EU plans tax transparency clampdown
The European Commission has laid out plans to clamp down on so-called sweetheart tax deals between governments and multinationals.
Each country would have to declare all its tax rulings every three months.
The move comes during ongoing investigations into a number of member states' tax regimes.
Luxembourg, Ireland and the Netherlands have all been put under the spotlight.
Allegations also emerged last year that around 340 multinational companies had tax avoidance deals with Luxembourg.
Among the companies accused of signing "sweetheart deals" with Luxembourg to avoid billions in taxes in other countries were Pepsi, Amazon, Ikea, Microsoft, Disney, Skype and Fiat.
The Commission's plans for tackling corporate tax avoidance involve a proposal for a new law on tax data-sharing.
"Everyone has to pay their fair share of tax," said Commission vice-president Valdis Dombrovskis.
"This applies to multinationals as to everyone else. With today's proposal on the automatic exchange of information, tax authorities would be able to better identify loopholes or duplication of tax between member states."
The Commission is concerned that tax rulings which give a low level of taxation in one member state can entice companies to artificially shift profits there, leading to serious erosion of possible tax revenues for other member states.
While avoiding tax is not illegal, people are running out of patience with corporate tax avoidance, said Pierre Moscovici, Commissioner for Economic and Financial Affairs.
"Tolerance has reached rock-bottom for companies that avoid paying their fair share of taxes, and for the regimes that enable them to do this," Mr Moscovici said.
"We have to rebuild the link between where companies really make their profits, and where they are taxed," he added.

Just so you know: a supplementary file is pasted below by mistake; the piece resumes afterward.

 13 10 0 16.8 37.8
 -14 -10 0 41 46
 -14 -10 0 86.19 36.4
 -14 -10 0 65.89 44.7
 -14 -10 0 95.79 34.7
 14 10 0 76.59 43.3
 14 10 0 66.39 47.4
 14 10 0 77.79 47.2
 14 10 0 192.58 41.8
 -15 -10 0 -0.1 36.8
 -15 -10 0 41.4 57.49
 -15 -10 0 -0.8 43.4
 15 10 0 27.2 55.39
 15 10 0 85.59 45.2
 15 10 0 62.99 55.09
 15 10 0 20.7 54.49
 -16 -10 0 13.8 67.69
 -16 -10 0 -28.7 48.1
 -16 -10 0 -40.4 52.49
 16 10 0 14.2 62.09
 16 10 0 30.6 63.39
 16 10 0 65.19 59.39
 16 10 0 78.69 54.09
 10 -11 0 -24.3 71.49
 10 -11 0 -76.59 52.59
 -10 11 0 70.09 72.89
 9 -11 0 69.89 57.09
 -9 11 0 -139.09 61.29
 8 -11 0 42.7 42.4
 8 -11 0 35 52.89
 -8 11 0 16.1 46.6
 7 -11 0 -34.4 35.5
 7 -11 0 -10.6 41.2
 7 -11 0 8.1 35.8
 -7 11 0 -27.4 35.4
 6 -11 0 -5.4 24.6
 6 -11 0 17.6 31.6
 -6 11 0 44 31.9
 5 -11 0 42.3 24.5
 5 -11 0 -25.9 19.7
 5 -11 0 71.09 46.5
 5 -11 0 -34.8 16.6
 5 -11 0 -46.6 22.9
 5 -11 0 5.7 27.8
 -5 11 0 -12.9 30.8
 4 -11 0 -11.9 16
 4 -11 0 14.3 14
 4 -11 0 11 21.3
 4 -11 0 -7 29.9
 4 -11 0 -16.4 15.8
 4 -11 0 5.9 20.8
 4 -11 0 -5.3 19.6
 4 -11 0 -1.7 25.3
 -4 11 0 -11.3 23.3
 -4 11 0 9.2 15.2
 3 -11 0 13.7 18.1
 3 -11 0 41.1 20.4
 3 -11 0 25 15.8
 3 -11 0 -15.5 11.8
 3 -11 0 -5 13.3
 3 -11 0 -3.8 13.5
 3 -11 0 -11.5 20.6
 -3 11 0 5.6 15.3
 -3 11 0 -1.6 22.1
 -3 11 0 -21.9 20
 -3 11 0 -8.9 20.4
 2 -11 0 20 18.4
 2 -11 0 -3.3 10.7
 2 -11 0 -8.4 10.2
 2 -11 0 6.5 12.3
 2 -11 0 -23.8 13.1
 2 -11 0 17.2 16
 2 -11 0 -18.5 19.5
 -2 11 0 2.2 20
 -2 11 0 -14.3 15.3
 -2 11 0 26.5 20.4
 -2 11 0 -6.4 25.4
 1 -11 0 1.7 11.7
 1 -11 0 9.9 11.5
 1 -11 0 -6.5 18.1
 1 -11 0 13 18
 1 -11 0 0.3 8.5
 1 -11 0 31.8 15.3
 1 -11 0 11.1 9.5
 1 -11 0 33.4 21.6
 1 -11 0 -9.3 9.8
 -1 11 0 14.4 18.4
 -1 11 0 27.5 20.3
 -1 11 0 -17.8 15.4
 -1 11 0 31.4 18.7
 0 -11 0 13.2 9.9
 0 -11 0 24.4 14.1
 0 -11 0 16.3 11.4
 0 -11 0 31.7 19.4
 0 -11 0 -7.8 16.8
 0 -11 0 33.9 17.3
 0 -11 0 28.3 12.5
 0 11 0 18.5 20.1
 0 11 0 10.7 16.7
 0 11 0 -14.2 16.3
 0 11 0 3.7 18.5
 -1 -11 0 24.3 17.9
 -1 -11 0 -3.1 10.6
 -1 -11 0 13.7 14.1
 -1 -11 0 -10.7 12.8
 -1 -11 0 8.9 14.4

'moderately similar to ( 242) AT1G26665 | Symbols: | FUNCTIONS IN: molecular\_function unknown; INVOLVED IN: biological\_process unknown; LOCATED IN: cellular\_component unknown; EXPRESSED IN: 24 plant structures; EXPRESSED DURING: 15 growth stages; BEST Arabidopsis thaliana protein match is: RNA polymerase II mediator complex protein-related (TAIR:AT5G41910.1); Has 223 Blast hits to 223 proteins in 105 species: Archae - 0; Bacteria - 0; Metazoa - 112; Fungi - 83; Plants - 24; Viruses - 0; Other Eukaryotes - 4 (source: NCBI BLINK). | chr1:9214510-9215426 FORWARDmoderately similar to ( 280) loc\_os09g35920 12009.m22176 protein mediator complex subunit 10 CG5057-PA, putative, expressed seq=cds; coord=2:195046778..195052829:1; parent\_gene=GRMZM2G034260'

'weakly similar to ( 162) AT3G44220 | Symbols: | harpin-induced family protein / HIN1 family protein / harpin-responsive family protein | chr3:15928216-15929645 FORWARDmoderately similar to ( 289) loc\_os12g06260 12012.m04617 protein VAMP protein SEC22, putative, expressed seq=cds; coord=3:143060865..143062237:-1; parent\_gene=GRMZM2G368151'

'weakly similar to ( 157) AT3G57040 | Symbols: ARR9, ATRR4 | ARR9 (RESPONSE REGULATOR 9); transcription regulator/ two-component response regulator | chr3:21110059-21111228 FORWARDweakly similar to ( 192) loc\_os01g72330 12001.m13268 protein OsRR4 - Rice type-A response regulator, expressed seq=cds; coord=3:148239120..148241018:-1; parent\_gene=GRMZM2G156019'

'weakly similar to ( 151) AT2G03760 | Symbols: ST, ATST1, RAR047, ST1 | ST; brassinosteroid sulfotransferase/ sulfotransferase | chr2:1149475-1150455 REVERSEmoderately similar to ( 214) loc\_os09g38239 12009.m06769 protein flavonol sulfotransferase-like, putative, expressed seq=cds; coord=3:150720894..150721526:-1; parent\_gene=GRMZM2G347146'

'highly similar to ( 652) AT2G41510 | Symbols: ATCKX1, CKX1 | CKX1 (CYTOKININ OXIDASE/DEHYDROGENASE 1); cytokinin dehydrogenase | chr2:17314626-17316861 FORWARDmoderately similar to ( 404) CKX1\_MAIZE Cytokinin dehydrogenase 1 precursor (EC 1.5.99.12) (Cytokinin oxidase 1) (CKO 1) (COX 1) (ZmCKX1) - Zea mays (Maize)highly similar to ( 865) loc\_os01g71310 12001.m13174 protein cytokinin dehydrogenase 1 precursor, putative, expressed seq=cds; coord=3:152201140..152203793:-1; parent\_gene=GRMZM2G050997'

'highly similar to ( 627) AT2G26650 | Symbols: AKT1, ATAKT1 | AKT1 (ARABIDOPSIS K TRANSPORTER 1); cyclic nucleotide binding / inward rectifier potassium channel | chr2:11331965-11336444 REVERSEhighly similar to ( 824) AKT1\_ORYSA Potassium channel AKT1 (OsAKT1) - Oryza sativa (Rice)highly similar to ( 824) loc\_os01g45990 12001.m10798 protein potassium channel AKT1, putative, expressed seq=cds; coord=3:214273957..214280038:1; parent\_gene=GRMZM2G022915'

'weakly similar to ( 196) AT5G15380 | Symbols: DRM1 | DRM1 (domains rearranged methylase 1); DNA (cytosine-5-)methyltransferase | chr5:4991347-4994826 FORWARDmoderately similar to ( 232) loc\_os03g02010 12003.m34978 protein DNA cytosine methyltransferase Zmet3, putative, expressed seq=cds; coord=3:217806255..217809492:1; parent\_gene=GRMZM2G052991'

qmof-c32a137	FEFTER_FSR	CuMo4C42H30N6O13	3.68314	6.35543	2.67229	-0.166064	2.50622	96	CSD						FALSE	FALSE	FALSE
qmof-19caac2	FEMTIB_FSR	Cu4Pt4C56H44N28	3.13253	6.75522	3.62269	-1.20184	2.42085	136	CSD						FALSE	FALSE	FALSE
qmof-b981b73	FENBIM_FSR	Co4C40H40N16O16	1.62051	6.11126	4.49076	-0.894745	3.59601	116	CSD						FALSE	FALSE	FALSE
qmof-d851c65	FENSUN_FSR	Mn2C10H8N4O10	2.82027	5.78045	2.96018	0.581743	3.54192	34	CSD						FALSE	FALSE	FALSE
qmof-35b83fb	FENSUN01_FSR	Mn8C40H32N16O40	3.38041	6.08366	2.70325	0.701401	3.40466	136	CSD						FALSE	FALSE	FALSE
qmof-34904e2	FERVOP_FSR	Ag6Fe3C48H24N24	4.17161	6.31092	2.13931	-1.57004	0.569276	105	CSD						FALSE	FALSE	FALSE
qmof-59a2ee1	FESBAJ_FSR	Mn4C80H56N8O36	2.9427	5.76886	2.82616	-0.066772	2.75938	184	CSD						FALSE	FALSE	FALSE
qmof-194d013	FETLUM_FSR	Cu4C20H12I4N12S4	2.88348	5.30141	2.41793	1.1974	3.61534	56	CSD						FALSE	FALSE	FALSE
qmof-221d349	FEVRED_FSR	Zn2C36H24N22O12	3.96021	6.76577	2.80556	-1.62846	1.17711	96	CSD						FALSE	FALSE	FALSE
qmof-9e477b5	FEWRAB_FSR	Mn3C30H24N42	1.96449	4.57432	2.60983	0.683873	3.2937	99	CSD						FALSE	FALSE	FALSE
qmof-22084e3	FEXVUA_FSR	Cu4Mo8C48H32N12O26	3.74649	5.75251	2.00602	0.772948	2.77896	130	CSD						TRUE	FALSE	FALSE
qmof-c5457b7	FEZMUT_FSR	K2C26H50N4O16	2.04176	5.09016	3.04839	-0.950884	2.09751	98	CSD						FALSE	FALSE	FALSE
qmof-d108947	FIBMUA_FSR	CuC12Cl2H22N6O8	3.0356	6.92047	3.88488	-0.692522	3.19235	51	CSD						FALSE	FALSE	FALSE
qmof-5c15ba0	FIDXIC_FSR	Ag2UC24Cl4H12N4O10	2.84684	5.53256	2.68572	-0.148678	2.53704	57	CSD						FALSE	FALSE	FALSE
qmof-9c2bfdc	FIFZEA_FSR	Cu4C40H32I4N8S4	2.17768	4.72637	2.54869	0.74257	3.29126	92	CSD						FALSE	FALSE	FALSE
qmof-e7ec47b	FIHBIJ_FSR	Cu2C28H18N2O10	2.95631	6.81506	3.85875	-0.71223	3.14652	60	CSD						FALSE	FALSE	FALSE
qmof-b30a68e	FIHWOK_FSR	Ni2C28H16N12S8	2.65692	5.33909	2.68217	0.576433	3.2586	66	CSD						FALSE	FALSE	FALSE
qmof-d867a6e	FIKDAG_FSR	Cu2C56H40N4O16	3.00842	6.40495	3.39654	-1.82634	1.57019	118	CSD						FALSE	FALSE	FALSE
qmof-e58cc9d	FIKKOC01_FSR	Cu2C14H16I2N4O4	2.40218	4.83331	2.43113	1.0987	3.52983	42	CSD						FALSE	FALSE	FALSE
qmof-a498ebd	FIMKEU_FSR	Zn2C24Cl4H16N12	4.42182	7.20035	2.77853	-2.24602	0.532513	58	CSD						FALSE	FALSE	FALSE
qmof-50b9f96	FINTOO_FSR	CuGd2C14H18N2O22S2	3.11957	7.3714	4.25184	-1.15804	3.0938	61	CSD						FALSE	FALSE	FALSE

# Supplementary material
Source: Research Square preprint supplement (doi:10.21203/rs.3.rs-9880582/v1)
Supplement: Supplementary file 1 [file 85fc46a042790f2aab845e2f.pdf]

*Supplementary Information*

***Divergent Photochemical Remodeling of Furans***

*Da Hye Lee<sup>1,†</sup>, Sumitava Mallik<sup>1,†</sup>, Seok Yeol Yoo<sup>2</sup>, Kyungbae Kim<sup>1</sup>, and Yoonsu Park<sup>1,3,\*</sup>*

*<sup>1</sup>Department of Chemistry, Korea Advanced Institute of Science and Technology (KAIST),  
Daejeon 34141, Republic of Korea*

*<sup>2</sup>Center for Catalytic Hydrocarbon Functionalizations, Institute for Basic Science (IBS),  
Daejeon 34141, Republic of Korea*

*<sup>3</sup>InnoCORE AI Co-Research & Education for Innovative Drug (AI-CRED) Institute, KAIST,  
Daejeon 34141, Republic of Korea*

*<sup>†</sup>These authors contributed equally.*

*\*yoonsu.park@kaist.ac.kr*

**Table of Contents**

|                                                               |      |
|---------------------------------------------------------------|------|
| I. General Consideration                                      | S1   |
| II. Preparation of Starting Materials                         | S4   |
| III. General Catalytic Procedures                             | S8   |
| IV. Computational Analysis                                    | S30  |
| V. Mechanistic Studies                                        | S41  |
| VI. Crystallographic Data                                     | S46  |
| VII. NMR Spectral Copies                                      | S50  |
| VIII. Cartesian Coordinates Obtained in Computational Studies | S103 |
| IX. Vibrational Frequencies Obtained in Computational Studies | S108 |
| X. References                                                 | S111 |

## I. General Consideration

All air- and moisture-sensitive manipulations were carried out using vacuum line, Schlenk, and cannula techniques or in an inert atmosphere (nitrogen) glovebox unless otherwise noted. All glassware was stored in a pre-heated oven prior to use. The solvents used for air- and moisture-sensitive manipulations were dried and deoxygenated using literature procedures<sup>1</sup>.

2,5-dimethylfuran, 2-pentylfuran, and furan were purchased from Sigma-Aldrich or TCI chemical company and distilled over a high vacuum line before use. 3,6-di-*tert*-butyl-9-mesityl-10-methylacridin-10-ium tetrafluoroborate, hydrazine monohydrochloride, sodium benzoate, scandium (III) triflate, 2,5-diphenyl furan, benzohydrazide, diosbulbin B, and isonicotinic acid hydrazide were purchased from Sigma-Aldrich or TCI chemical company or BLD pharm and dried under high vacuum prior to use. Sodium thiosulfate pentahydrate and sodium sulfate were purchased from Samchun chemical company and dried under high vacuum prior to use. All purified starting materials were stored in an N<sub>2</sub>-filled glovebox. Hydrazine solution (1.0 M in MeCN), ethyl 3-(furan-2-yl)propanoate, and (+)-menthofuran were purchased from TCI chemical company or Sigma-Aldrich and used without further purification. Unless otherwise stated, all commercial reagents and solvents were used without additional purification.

How the EU plans to clamp down on tax avoidance
- Member states would have to hand over all cross-border tax rulings to other EU countries every three months
- Currently, they share information if they consider it "relevant"
- Domestic tax rulings would be exempt
- No country could refuse any information on grounds of commercial secrecy or public policy
- A member state could request more detailed information
- All "sweetheart" tax rulings would now be known, under which profits were moved to lower-tax countries and to obscure holding companies that paid little or not tax
Responding to the proposals, the European Conservatives and Reformists group (ECR), which includes Britain's Conservatives, warned the Commission not to use the Luxleaks "saga" to push for tax harmonisation in the EU.
UK Labour MEP Anneliese Dodds praised the proposals but called for firms and advisers "that evade tax" to be blacklisted.
The new law will need to be agreed with member states before it can come into force, meaning the exact starting date of its provisions is not yet certain.
However, Mr Moscovici said he was hopeful a deal with national ministers could be struck before the end of this year, meaning the measures would be able to come into force for the start of 2016.
Corporations including Amazon, Apple, Fiat and Starbucks have been caught up in a Commission investigation into "aggressive tax planning" strategies.
Under European Union (EU) rules member states are not allowed to grant companies tax advantages that distort competition.
The Commission has been investigating the tax regimes of certain member states since June 2013, and widened the investigation to include all member states at the end of last year.
Eight months ago the Commission launched formal investigations into the tax paid by Apple in Ireland, Starbucks in the Netherlands and Fiat Finance in Luxembourg.
It launched a further investigation into Amazon's tax dealings in Luxembourg in October.
The investigations into Luxembourg's tax regime led to calls for European Commission President Jean-Claude Juncker to be investigated over allegations he encouraged tax avoidance when he was prime minister of the country.
However, the tax scandal failed to gain traction in the European Parliament.
Mr Juncker survived a vote of confidence in the European Parliament last November, acknowledging he was politically responsible but denying he had encouraged tax avoidance.